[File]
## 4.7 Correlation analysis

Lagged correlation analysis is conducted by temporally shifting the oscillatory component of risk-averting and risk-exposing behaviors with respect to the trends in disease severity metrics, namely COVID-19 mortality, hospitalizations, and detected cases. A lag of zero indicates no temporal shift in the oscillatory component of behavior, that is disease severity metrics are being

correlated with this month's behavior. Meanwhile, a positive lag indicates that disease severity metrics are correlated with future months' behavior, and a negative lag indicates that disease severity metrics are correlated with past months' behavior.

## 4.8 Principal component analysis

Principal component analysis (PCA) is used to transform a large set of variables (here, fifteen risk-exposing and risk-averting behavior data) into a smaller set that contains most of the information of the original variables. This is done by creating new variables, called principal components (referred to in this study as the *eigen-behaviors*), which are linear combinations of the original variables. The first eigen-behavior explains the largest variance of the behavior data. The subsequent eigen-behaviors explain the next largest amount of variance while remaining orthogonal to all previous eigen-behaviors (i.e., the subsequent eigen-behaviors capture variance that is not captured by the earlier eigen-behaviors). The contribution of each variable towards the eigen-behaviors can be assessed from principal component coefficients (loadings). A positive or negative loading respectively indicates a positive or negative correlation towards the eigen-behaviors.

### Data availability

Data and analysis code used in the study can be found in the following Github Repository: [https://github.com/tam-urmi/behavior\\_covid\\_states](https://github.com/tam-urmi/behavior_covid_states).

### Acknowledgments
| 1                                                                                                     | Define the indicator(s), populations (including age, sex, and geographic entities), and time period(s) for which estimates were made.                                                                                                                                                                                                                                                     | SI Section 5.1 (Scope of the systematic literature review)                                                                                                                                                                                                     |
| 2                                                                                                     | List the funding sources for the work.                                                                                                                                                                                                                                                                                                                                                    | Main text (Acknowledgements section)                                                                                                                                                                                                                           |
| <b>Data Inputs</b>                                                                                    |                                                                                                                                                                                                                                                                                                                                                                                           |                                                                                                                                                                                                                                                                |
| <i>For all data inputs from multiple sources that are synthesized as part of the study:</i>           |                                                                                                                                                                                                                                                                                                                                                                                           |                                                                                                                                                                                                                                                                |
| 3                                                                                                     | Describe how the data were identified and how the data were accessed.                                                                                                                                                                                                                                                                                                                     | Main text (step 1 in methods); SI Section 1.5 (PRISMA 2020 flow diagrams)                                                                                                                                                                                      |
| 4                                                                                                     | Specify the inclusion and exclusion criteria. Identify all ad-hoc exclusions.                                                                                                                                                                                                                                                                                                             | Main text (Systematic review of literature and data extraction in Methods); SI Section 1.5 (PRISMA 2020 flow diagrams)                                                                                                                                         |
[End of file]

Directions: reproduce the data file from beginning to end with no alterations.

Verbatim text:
## 4.7 Correlation analysis

Lagged correlation analysis is conducted by temporally shifting the oscillatory component of risk-averting and risk-exposing behaviors with respect to the trends in disease severity metrics, namely COVID-19 mortality, hospitalizations, and detected cases. A lag of zero indicates no temporal shift in the oscillatory component of behavior, that is disease severity metrics are being

correlated with this month's behavior. Meanwhile, a positive lag indicates that disease severity metrics are correlated with future months' behavior, and a negative lag indicates that disease severity metrics are correlated with past months' behavior.

## 4.8 Principal component analysis

Principal component analysis (PCA) is used to transform a large set of variables (here, fifteen risk-exposing and risk-averting behavior data) into a smaller set that contains most of the information of the original variables. This is done by creating new variables, called principal components (referred to in this study as the *eigen-behaviors*), which are linear combinations of the original variables. The first eigen-behavior explains the largest variance of the behavior data. The subsequent eigen-behaviors explain the next largest amount of variance while remaining orthogonal to all previous eigen-behaviors (i.e., the subsequent eigen-behaviors capture variance that is not captured by the earlier eigen-behaviors). The contribution of each variable towards the eigen-behaviors can be assessed from principal component coefficients (loadings). A positive or negative loading respectively indicates a positive or negative correlation towards the eigen-behaviors.

### Data availability

Data and analysis code used in the study can be found in the following Github Repository: [https://github.com/tam-urmi/behavior\\_covid\\_states](https://github.com/tam-urmi/behavior_covid_states).

### Acknowledgments
| 1                                                                                                     | Define the indicator(s), populations (including age, sex, and geographic entities), and time period(s) for which estimates were made.                                                                                                                                                                                                                                                     | SI Section 5.1 (Scope of the systematic literature review)                                                                                                                                                                                                     |
| 2                                                                                                     | List the funding sources for the work.                                                                                                                                                                                                                                                                                                                                                    | Main text (Acknowledgements section)                                                                                                                                                                                                                           |
| <b>Data Inputs</b>                                                                                    |                                                                                                                                                                                                                                                                                                                                                                                           |                                                                                                                                                                                                                                                                |
| <i>For all data inputs from multiple sources that are synthesized as part of the study:</i>           |                                                                                                                                                                                                                                                                                                                                                                                           |                                                                                                                                                                                                                                                                |
| 3                                                                                                     | Describe how the data were identified and how the data were accessed.                                                                                                                                                                                                                                                                                                                     | Main text (step 1 in methods); SI Section 1.5 (PRISMA 2020 flow diagrams)                                                                                                                                                                                      |
| 4                                                                                                     | Specify the inclusion and exclusion criteria. Identify all ad-hoc exclusions.                                                                                                                                                                                                                                                                                                             | Main text (Systematic review of literature and data extraction in Methods); SI Section 1.5 (PRISMA 2020 flow diagrams)                                                                                                                                         |